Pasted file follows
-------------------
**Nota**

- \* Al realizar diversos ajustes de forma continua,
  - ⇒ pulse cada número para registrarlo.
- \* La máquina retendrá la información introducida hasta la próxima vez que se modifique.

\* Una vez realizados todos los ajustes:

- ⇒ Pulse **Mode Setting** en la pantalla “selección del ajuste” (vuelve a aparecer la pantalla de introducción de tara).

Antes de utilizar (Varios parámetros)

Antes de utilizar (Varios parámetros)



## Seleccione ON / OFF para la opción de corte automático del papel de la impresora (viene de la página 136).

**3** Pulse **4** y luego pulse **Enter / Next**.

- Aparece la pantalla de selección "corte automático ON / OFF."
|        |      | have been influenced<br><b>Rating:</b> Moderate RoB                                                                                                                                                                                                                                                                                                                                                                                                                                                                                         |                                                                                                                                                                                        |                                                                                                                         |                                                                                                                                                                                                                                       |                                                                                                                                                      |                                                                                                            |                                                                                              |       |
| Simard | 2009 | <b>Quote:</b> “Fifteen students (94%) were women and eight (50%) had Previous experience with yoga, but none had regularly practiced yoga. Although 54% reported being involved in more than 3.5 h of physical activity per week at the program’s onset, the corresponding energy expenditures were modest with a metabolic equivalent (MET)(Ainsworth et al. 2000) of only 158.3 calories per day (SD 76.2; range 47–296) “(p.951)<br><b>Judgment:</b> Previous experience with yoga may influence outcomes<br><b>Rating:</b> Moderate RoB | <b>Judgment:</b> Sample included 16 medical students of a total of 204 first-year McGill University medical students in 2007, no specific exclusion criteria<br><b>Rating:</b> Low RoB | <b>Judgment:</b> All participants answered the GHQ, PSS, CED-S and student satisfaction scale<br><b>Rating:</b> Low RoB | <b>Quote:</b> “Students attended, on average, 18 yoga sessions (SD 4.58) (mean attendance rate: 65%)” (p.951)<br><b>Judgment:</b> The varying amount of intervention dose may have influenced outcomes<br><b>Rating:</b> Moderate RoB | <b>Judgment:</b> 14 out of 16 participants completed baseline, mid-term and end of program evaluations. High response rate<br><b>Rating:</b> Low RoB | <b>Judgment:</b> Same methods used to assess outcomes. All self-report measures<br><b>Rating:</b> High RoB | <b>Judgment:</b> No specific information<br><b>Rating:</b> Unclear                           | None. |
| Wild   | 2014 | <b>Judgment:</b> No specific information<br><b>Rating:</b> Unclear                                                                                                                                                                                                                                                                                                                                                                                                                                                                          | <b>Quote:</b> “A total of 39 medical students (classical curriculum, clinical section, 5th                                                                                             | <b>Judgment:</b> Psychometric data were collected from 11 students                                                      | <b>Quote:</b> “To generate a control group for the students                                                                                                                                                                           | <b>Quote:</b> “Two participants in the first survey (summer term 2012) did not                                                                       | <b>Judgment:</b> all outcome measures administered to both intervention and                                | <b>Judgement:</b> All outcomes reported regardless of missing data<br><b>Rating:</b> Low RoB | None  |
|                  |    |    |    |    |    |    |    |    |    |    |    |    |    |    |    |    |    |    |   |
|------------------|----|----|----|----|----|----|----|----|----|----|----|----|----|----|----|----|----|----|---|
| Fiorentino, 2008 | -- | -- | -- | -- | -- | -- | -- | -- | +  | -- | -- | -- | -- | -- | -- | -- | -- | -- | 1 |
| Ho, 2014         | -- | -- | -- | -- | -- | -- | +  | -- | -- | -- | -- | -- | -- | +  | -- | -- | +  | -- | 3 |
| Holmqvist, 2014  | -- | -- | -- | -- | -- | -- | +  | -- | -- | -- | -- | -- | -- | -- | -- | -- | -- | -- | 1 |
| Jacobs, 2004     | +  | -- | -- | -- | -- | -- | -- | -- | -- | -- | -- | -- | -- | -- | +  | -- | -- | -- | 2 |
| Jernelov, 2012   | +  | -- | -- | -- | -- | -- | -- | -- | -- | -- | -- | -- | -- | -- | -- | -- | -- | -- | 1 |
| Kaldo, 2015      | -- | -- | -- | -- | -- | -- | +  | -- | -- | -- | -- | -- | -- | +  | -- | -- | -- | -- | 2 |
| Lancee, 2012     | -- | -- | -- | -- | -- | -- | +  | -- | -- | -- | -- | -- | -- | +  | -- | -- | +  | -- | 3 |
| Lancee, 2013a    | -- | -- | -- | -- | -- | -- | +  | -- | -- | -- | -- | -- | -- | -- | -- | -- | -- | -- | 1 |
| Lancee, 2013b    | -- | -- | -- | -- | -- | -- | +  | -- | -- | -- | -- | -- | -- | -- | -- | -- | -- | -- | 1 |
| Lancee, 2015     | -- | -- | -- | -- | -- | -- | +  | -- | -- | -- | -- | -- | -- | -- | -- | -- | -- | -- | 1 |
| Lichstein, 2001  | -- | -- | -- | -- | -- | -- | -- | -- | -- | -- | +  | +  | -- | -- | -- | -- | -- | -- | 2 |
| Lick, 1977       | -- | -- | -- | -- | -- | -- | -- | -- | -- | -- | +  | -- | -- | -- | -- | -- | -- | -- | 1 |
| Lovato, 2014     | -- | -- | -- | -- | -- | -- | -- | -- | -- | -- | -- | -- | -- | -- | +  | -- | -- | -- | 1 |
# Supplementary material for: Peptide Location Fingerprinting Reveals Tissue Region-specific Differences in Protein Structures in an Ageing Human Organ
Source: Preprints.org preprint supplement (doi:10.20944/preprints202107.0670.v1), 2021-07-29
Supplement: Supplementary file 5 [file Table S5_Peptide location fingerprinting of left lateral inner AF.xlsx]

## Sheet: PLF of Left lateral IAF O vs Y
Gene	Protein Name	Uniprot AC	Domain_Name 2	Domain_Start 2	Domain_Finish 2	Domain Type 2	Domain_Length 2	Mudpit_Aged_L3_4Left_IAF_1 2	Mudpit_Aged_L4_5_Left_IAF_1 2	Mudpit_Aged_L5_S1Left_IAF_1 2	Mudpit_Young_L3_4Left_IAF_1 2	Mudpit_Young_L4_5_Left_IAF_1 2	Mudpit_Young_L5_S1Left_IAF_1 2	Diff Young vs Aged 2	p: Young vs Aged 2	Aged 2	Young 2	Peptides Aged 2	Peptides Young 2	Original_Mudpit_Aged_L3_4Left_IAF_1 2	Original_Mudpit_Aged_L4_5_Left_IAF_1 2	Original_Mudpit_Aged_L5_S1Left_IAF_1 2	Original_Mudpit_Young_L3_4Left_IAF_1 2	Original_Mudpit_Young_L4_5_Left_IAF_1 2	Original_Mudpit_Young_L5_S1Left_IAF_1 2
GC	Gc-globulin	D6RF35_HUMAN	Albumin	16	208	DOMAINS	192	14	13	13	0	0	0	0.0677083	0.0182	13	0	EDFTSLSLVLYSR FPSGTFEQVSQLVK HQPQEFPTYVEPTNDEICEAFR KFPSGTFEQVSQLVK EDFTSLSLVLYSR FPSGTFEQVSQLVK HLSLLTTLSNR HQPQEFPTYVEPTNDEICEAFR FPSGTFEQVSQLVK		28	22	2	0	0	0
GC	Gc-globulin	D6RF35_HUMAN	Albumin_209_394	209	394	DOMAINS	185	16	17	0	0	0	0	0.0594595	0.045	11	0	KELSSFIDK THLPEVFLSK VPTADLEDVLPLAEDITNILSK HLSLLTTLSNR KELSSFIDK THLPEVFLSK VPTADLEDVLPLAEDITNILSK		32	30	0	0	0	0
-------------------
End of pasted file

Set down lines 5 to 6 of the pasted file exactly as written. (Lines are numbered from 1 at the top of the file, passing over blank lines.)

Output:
\* Una vez realizados todos los ajustes:

- ⇒ Pulse **Mode Setting** en la pantalla “selección del ajuste” (vuelve a aparecer la pantalla de introducción de tara).